The name is given quite aptly here. If you should see an armyworm, then rest not-so-assured that there will likely be hundreds more to follow.
Not exactly ideal news as they can create extensive crop damage . If you’ve never seen an army worm before, we’ll show you precisely what to look for, as well as how to kill them if you do find that you’ve got an infestation.
So let’s assume that you’ve discovered leaf eating worms looking like voracious caterpillars in your precious garden. Now what?
How do you repel army worms effectively without damaging your plants or any other beneficial bugs you want to keep around?
Here’s how to get rid of armyworms organically and naturally.
1. Manually Remove Them
One of the best organic options for guaranteed removal and death of the worms.
Physically go through your garden and remove them by hand as you find them.
As you go, carry around a bucket full of very hot, soapy water. As you find them, pick them up and drop them into the bucket.
They’ll most likely die right then and there, but leave them in the water for a little while just to be sure.
As you go around plucking them off, also remove any butterfly larvae you can find.
The product is made from two kinds of bacteria found in the soil and is also safe to spray on organic crops.
However, because it doesn’t distinguish between good and bad insects, you’ll want to remove anything you want to keep beforehand.
3. Predatory Wasps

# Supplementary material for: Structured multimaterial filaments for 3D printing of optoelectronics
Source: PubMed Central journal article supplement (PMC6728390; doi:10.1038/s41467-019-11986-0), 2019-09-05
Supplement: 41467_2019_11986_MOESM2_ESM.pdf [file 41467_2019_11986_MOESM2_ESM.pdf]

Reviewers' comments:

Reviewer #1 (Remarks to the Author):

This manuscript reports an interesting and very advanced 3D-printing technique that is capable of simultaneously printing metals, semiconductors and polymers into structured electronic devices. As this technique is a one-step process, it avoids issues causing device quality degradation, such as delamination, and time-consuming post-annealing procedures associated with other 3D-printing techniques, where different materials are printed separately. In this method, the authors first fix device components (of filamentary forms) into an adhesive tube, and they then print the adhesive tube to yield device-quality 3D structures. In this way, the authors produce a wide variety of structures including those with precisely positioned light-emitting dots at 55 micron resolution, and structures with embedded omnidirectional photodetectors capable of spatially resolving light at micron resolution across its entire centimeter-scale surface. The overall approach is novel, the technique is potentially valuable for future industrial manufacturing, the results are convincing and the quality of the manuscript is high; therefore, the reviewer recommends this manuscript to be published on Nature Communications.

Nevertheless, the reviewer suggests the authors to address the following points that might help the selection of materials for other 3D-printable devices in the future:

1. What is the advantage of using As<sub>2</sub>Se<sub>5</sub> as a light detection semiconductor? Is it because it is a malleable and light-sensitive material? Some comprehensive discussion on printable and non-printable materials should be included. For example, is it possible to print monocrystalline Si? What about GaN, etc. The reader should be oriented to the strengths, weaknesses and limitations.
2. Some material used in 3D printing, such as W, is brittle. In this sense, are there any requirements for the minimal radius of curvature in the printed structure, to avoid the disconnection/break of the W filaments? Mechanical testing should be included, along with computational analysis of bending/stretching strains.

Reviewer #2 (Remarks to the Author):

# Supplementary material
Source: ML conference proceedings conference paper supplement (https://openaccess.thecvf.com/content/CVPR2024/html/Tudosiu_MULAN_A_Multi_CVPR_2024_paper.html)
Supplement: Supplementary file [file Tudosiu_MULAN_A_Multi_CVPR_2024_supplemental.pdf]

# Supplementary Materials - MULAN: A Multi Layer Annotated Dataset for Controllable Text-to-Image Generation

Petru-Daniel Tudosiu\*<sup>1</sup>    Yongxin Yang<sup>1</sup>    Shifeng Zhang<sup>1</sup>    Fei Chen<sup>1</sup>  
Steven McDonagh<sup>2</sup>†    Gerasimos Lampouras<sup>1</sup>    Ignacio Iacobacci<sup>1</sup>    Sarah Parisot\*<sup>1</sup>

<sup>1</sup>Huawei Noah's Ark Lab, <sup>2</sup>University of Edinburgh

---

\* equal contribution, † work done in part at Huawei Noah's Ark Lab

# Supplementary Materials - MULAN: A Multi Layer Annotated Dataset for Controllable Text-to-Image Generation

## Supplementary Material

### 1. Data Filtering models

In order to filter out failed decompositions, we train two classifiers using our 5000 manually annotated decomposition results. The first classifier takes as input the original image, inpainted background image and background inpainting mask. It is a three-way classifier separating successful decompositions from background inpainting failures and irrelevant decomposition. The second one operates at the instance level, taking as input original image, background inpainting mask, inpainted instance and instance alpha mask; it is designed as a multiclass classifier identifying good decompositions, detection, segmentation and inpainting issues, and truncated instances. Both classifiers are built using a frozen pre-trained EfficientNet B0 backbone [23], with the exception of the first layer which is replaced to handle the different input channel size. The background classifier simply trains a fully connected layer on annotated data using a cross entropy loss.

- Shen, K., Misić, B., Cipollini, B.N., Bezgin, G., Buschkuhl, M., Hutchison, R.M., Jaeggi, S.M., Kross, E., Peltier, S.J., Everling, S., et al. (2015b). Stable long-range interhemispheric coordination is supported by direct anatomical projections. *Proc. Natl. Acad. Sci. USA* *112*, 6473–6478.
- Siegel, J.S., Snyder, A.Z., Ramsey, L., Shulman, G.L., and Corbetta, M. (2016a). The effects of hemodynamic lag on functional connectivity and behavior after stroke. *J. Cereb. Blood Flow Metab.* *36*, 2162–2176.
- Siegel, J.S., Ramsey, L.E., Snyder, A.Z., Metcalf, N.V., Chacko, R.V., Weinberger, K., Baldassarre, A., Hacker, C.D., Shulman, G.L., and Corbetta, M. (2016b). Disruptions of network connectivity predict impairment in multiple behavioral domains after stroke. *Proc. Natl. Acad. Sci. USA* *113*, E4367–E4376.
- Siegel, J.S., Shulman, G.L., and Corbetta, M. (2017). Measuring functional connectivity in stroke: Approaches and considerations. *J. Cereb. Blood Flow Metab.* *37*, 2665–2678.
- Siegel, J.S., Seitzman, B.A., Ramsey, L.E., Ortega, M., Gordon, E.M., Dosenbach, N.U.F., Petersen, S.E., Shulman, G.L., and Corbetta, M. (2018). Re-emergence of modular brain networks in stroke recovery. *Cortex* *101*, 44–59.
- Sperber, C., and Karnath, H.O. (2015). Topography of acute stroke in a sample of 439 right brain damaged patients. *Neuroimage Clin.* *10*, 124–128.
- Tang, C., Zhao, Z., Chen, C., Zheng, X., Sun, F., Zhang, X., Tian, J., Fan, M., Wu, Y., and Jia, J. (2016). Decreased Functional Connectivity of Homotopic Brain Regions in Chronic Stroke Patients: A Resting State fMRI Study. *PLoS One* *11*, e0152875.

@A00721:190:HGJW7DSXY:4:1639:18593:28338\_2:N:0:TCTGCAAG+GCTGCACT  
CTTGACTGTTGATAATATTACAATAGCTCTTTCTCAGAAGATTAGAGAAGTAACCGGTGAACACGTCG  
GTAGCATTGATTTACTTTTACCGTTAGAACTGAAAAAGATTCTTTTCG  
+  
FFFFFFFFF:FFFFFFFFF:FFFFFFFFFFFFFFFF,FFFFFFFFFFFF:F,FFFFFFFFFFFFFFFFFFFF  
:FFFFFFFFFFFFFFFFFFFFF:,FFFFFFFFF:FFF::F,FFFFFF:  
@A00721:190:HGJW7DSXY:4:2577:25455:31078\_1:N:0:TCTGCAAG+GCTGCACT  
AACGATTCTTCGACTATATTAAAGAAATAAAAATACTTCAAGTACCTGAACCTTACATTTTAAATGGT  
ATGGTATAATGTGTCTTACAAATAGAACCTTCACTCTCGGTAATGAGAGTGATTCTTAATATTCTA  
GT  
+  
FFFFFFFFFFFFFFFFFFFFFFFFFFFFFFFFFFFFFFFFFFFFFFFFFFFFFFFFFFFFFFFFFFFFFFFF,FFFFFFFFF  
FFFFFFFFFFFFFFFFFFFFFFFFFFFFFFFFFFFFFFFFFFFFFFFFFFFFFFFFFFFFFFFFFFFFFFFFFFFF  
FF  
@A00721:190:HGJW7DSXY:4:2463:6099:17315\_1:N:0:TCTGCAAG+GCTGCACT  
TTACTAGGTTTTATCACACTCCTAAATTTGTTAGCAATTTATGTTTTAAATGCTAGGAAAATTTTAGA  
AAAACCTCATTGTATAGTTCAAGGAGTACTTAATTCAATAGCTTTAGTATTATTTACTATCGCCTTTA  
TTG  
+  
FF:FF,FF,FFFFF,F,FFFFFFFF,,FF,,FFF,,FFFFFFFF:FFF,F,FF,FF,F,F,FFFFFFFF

You can always introduce predatory wasps into your garden, which may seem counter-intuitive, even dangerous. But trust us, this could work.
There are a few varieties you can choose from, such as the braconid wasps, the long-tailed Ichneumon wasps, and Trichogramma wasps.
The second option thrives side-by-side with the critters, with the wasps laying their eggs inside armyworm eggs.
The wasp larvae will consume the army caterpillar before it has a chance to hatch.
3. Neem Oil
This is a classic pest removal treatment used by gardeners everywhere.
Neem oil is entirely natural and utterly safe for external use on crops. It both deters and kills an immense variety of intrusive insects.
The only drawback is that rain and extreme weather mean that Neem oil has to be applied more frequently.
Combine 1-2 tablespoons in a gallon of water and pour into a spray container. Additionally, add a little liquid soap to make it stick to the plant longer.
4. Bacillus thuringiensis (BT powder)
BT is a natural bacteria that will only harm worm-like creatures and nothing else — destroying their digestive tracts.
This means that virtually any caterpillar is going to find itself regretting setting foot near you once this stuff takes over.
Use it early in the season before they show up. For absolute best effect, use a plant duster for a fine, even layer across plants.
5. Regularly Check for Eggs
Perform regular checkups on your garden and especially keep an eye out for moth eggs. They’ll look like cottony little clumps on the underside of leaves.
Just give them a quick spritz with Neem oil and smear them off into a plastic baggie then toss it into the trash. You can also slide the eggs off from the leaves and crush them between your fingers.